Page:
Off a winding Hyperion Avenue, in Los Angeles’ Silver Lake area, sits a converted office space, white, light, open and informal. At one end, a lovely bamboo garden patio is accessed by oversized roll-up garage doors. The line separating inside office and outside garden is a dotted one; landscape design experienced inside, as well as out. A prototype Spring Street Park seat sits among existing bamboo. Most likely it will stay there; the seat weighs hundreds of pounds, so the concrete must be cast in place. The sturdy aluminum back is comfortable. An image of bamboo is “etched” through optical illusion –differently sized milled holes.

Most of the design process items are pinned up on office walls. They are shown here in the order in which they were created, anecdotes from an evolutionary design process reflecting various clients and constituencies. Lehrer Architects does not commission presentation models. These are rough conceptual models, encouraging free discussion and easy alterations.

Our hosts were gracious in allowing these iphone snapshots to be taken. This was our second visit to the Silver Lake practice.

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Earliest model; major subsequent changes include shifting “red” walkway angle to open onto Harlem Place; creation of uninterrupted elliptical Grand Lawn; elimination of Southern end fountain; elimination of surface treatments on Spring St and flanking sidewalks; elimination of palm trees plus addition of curved Great Bamboo groves; and straightening of the perimeter security fence, to the North and East.

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Early conceptual sketch (Center) by Michael Lehrer sharing wall space with an early model (top).

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Early model, similar to final approved design.

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Not a model, but a full scale prototype of typical seating, located in Lehrer Architect’s garden. The seat is cast-in-place concrete. Back is aluminum milled with varying size holes to create an optical image of bamboo. Spring Street Park bamboo will have thicker culms than these garden plants. Some real bamboo can be seen through the image in the chair back. No matter what size, all bamboo is in the grass family.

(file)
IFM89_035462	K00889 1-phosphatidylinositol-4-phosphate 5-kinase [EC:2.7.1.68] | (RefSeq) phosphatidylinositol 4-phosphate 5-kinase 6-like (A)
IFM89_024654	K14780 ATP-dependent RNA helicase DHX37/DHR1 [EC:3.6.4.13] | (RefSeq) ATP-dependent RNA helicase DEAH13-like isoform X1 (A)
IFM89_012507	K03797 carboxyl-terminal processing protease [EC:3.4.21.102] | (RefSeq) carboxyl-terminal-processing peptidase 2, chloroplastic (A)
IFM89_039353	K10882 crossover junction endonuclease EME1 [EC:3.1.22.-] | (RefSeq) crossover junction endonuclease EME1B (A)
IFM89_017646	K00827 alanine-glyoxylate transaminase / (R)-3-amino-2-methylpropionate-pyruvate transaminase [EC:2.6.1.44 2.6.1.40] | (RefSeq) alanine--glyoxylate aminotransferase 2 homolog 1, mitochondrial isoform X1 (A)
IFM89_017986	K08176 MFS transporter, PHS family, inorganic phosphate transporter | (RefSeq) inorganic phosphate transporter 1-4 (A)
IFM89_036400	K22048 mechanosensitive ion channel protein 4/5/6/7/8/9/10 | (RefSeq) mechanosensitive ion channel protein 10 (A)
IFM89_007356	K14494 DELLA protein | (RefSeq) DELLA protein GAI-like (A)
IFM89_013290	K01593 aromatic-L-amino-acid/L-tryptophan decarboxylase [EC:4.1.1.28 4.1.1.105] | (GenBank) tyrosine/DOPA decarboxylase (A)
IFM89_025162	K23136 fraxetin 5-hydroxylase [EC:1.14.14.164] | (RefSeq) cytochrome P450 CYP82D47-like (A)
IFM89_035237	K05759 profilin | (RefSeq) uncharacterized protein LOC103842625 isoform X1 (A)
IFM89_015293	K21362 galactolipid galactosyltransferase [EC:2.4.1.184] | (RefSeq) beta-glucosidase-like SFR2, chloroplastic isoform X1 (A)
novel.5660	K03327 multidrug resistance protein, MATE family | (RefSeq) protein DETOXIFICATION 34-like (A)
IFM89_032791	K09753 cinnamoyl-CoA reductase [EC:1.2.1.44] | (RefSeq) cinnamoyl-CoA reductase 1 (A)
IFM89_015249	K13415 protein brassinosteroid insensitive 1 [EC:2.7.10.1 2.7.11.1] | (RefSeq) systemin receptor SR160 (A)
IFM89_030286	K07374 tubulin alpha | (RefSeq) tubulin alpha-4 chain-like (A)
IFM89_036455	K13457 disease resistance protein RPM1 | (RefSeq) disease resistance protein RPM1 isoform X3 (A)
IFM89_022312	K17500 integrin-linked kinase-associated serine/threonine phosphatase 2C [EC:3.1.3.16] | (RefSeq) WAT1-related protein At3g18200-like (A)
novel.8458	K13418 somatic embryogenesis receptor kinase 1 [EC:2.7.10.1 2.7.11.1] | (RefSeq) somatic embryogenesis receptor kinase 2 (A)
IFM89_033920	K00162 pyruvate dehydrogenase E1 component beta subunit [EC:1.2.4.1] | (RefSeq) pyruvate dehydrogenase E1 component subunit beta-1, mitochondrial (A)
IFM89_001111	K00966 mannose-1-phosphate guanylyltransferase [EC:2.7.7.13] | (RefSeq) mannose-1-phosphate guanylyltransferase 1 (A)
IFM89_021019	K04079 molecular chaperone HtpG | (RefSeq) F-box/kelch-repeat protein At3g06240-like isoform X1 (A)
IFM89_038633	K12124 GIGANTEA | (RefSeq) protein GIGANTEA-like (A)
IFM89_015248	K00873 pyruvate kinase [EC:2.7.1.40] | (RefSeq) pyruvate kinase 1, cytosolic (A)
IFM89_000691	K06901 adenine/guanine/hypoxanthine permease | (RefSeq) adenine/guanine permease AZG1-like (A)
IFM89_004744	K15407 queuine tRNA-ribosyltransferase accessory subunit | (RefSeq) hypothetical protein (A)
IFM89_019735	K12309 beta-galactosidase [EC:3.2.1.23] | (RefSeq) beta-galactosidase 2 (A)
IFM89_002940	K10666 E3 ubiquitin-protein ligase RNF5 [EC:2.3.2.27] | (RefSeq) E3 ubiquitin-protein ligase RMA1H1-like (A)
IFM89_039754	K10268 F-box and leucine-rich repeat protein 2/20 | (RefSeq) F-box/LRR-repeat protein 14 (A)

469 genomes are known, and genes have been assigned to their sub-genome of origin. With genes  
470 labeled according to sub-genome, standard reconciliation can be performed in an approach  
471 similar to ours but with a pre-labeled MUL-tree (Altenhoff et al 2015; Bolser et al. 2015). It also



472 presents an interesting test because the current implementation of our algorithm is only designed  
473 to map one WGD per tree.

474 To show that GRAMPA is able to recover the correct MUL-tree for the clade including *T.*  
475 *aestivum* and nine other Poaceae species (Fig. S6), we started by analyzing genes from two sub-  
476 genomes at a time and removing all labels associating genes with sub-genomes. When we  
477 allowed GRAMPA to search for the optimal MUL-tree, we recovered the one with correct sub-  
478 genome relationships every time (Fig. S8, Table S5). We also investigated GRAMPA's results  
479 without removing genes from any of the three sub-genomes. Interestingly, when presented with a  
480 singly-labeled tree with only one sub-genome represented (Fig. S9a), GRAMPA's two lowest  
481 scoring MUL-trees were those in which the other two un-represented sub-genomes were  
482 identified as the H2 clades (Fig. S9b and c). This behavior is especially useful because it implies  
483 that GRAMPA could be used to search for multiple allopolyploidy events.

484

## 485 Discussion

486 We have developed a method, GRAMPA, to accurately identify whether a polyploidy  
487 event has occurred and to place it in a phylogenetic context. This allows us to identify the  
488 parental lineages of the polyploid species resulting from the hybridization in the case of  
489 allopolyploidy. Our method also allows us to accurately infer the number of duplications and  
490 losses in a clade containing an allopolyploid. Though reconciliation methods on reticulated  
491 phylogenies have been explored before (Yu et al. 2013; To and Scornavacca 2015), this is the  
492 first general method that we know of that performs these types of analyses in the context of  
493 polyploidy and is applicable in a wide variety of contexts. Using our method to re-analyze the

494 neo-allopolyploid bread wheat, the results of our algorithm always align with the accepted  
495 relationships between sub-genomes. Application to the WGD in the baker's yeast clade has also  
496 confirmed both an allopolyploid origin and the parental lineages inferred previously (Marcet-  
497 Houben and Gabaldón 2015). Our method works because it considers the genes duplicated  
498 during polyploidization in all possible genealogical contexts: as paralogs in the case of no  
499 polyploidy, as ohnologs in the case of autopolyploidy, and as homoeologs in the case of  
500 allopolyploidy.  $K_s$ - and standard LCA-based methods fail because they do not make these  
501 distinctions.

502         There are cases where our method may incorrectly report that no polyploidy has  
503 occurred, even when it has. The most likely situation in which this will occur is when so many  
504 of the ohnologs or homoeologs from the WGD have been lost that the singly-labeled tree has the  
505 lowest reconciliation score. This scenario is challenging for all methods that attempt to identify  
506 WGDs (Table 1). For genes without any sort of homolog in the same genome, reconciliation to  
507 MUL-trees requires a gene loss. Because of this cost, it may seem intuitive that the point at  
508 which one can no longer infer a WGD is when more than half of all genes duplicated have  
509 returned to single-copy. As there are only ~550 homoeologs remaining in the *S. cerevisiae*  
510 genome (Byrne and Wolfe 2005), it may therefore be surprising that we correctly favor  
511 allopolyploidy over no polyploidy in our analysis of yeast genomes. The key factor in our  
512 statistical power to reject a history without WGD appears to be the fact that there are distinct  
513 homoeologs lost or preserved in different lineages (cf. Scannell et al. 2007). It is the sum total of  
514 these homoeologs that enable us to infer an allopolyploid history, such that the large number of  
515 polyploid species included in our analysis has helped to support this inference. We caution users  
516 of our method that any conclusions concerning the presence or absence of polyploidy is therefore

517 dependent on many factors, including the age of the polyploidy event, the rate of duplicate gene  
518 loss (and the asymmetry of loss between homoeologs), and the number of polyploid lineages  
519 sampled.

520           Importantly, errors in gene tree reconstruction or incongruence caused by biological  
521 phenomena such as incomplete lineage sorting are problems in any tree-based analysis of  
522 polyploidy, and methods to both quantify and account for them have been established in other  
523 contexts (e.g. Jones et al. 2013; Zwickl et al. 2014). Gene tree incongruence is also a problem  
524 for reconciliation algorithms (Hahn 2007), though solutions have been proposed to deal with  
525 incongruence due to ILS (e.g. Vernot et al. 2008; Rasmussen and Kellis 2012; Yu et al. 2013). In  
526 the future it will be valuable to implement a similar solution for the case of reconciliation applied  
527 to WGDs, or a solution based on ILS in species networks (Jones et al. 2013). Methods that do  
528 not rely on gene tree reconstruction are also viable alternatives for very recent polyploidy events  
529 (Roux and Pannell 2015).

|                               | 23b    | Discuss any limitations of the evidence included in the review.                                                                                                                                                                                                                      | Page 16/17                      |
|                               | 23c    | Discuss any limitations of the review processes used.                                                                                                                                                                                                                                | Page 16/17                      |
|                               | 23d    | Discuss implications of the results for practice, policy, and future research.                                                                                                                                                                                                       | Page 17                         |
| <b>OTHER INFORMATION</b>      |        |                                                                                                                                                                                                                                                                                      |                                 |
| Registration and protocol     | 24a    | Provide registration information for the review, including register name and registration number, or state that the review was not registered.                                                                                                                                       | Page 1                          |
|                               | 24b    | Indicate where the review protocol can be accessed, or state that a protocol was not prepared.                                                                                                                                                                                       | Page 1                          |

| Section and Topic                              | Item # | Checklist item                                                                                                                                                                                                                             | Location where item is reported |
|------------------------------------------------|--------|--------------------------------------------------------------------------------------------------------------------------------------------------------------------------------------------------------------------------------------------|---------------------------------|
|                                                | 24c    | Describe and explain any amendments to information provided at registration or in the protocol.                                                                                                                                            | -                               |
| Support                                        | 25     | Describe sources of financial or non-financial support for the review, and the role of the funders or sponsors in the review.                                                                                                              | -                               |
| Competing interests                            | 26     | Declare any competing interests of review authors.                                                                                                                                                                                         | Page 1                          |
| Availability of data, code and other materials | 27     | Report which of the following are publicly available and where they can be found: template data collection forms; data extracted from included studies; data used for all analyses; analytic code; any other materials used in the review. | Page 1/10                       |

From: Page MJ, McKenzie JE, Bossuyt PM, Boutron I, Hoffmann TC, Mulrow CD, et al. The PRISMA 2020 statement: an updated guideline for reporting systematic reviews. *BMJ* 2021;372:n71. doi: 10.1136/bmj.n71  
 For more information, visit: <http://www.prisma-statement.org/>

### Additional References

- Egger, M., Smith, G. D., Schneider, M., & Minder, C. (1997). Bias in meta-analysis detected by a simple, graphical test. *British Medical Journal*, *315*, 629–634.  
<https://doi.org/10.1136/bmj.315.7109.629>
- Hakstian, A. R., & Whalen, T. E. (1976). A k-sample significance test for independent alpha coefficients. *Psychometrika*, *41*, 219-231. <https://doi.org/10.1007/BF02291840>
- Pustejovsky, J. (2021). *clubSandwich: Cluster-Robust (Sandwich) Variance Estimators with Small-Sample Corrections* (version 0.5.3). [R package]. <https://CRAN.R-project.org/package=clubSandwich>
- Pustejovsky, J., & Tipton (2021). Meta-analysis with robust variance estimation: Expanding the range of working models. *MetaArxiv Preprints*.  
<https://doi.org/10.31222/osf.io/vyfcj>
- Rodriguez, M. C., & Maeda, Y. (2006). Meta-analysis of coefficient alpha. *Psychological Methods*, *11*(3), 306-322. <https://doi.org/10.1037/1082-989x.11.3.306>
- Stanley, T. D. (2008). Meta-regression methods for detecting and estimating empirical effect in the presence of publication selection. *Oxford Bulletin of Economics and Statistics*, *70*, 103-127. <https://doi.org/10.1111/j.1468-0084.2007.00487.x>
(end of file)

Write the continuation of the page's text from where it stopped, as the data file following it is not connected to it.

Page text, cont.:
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Two models of a complex curve water feature located near the intersection of South Spring St Sidewalk @ El Dorado Lofts’ driveway.

Note: The lean is intentional. The square pipes are not fencing, but actual pieces of the water feature arranged to form a complex curve releasing a straight sheet of water into the shallow collector pool below. Inasmuch as no one could climb between them, they continue the curvilinear secure fencing line to the right and left. Inexpensive fiber optic lighting (located in a shallow trench in the pool) will illuminate the water “curtain” falling from above. The water feature may be enjoyed from inside or outside equally. It is doubtful the City will ever color-treat the sidewalk surfaces as they are shown in the picture below, of assorted models [Wrong: LA City did color treat entrance areas]. Michael Lehrer envisions the surrounding areas to become “jealous” of the Park, inspiring future improvements to the sidewalk and Harlem Place surfaces. Good design as contagion.

Government can’t produce? The evidence here says otherwise, especially with ongoing community support. Lehrer Architects has produced superior architecture. Landscape design was provided by City of Los Angeles Bureau of Engineering Architectural Division staff, with Recreation & Parks Department acting as client. Spring Street Park promises to be a special place.

© 2012 / 2014 by Steven Dornbusch

Remembering…[Shared moments with Hollywood innovators who’ve left us]

© 2014 by Steven Dornbusch

Background